Firefighter Andy Little, spokesman for TFD, said the department currently has 697 firefighters out of an authorized strength of 724. Accounting for the expected retirements, the department could see closer to 90% staffing in the coming months.
Unlike the police side, the Fire Department rarely struggles with recruiting, Little said.
About 20 spots are budgeted for an August academy class, and an additional grant should fund more hires in the next six months, Little said.
The hiring process can be lengthy, but Little is hopeful that this upcoming class will help get the department back on track.  “We’re certainly not where we’d like to be,” he said.  Kelsy Schlotthauer, Tulsa Worldhttps://tulsaworld.com, July 6, 2021.

Rising inflation is a concern for Kevin Linehan, 68, a retiree in Fitchburg, Massachusetts.
After a heart attack at age 44, Linehan left his career with the Postal Service early, opting for reduced disability retirement income.
“It wasn’t the best financial thing to do,” he said. “But at the time, it seemed like my life was more important than the job.”
Although it’s been tough to survive on a “skimpy income,” Linehan, an Air Force veteran, secured government-subsidized housing through Veterans Affairs for less than $500 per month. The rent stays relatively stable year-to-year, with annual increases depending on his income. 
Over the past several months, however, Linehan has noticed a spike in prices for necessities like food and gasoline. He has seen higher costs for grocery staples like bread and milk. There have also been steady hikes in gasoline prices, limiting his ability to travel.
“It’s like now that we’re getting over [the pandemic] everybody’s jacking prices up,” he said.
The rising food costs have been particularly troubling for Linehan, who receives monthly benefits from the Supplemental Nutrition Assistance Program, known as SNAP. While SNAP benefits grew during the pandemic, he expects it to drop back to $16 per month once the state’s Covid-19 relief runs out.
“I don’t know how much longer, [the extra benefits] are gonna last, but that’s helped me out tremendously,” he said.
The May consumer price index, measuring the cost of food, housing, gasoline, utilities and other goods, jumped by 5% from the previous year, according to the Labor Department. Food prices have increased by 2.2% over the past 12 months, and gasoline has swelled by 56.2%, recovering from pandemic dips.
While Federal Reserve officials have said these price increases are transitory, retirees like Linehan still worry about prices creeping up.
Americans’ expectations for year-ahead inflation grew to 4% in May, the seventh consecutive monthly increase, according to a report by the Federal Reserve Bank of New York.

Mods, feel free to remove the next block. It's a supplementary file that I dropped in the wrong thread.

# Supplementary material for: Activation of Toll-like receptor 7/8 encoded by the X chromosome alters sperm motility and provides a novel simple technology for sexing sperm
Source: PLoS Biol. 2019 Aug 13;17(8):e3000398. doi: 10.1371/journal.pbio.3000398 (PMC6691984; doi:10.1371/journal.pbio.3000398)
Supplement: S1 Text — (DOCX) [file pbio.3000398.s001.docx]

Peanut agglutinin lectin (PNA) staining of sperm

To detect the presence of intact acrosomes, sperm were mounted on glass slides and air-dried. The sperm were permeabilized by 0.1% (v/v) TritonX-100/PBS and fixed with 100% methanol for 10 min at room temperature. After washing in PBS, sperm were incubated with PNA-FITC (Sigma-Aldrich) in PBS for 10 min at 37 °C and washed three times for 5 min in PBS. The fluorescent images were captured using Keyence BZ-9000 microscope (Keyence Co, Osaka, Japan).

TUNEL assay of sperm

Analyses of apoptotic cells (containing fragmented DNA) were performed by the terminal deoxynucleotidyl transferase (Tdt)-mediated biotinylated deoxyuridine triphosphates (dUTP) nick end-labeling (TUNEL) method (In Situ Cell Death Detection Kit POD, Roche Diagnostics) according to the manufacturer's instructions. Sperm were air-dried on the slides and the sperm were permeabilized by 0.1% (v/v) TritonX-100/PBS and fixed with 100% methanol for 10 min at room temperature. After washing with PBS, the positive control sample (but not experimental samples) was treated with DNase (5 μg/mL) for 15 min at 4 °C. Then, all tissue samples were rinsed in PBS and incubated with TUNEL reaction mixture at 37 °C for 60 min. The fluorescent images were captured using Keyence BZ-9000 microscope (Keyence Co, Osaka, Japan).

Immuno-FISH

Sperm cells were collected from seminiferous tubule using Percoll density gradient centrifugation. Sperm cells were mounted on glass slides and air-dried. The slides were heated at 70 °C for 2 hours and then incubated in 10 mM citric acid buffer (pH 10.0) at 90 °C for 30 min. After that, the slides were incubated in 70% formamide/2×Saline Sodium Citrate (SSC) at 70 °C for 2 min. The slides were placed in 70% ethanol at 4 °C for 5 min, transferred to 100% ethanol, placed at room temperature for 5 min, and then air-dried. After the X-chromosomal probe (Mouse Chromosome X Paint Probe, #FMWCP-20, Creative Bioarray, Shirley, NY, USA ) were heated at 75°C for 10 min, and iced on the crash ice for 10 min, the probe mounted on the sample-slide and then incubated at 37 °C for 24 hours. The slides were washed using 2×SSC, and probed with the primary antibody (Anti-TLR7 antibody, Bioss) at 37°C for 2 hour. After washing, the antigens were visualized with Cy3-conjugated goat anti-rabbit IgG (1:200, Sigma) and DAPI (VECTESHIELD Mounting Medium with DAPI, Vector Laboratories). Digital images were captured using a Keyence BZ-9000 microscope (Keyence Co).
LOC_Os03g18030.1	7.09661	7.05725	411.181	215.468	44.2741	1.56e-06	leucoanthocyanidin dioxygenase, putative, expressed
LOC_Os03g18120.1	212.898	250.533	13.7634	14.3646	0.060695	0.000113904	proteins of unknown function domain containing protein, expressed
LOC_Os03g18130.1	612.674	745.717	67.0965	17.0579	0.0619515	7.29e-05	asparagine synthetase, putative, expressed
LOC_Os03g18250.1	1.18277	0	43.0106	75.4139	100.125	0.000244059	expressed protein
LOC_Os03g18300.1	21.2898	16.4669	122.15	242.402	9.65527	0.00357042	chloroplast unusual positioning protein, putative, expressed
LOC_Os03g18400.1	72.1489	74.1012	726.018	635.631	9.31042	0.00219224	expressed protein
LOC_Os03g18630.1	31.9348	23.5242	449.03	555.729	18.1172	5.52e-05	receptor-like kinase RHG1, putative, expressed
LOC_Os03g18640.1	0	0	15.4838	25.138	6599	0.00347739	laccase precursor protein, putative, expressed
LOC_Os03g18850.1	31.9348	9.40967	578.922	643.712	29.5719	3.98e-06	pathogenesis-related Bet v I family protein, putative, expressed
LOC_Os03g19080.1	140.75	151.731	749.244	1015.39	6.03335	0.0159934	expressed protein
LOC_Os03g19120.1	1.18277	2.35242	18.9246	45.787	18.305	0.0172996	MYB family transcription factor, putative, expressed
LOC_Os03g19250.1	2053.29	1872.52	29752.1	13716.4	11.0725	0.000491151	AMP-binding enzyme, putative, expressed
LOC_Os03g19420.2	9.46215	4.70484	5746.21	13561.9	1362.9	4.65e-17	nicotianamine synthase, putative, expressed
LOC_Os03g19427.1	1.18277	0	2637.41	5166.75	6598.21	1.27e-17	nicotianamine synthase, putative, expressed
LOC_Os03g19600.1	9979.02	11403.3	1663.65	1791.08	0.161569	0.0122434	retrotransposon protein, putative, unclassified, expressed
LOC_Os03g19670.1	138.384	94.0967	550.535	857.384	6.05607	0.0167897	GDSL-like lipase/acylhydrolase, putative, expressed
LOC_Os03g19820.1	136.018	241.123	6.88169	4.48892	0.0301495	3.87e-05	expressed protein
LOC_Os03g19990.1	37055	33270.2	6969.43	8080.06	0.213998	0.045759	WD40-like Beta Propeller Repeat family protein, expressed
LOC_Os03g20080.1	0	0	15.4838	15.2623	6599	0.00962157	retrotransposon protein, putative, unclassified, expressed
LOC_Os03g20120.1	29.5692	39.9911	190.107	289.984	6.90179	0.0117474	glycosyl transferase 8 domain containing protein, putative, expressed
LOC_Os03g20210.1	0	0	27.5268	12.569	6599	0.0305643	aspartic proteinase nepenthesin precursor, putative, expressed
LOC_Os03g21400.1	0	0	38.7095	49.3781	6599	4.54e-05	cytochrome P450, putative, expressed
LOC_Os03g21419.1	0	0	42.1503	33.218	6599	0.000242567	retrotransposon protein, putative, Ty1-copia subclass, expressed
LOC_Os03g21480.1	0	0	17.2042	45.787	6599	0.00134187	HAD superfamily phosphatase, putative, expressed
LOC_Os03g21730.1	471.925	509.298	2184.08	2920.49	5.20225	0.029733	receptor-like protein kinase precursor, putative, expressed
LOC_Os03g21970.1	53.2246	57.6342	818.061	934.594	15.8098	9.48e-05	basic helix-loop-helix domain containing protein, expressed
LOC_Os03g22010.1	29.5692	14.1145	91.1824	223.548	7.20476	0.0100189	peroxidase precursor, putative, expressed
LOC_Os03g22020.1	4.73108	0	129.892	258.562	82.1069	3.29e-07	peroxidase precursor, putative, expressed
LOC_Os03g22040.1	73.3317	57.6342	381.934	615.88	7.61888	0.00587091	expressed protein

“Inflation is the silent killer,” said certified financial planner Brad Lineberger, president of Seaside Wealth Management in Carlsbad, California. “It can erode purchasing power to the point where someone wakes up and can’t live the lifestyle they once did because they can’t afford to.”

Not a problem for all retirees

Although climbing prices have alarmed many retirees, others aren’t feeling the effects. 
“Our clients have not been greatly affected by the temporary inflation flare-ups,” said Jon Ulin, CFP and CEO of Ulin & Co. Wealth Management in Boca Raton, Florida. 
Diane Benson, 69, and Al Sapienza, 70, in Seattle are among the retirees who haven’t felt the sting of inflation. After selling their home in the suburbs of Boston, the couple moved to Seattle in 2019, eager to live near their 40-year-old son, David.
Sapienza retired early from his 25-year job with the Social Security Administration, shifting to higher education before leaving full-time work in 2015.
Benson left her career in social work in 2007, opting to spend more time with her ailing mother. Her loss of income wasn’t an issue, she said.
“We’ve never really extended ourselves beyond what we could afford,” Sapienza said. “Actually, we probably lived well below it.”
While they have noticed the uptick in prices, inflation hasn’t impacted their finances “in any real sort of way,” he said.

Cost of living adjustments

Inflation may be challenging for those living on a fixed income. However, Benson and Sapienza both receive payments from a pension and Social Security, and both with cost of living adjustments, Sapienza said.
While Social Security payment changes have historically been modest, creeping prices have bumped estimates for the 2022 Social Security cost-of-living adjustment to 5.3%, the biggest boost since 2009, according to The Senior Citizens League.
“This year, people will be seeing prices go up and their benefits will not be rising immediately to compensate, but it will rise in 2022,” said Alicia Munnell, director of the Center for Retirement Research at Boston College.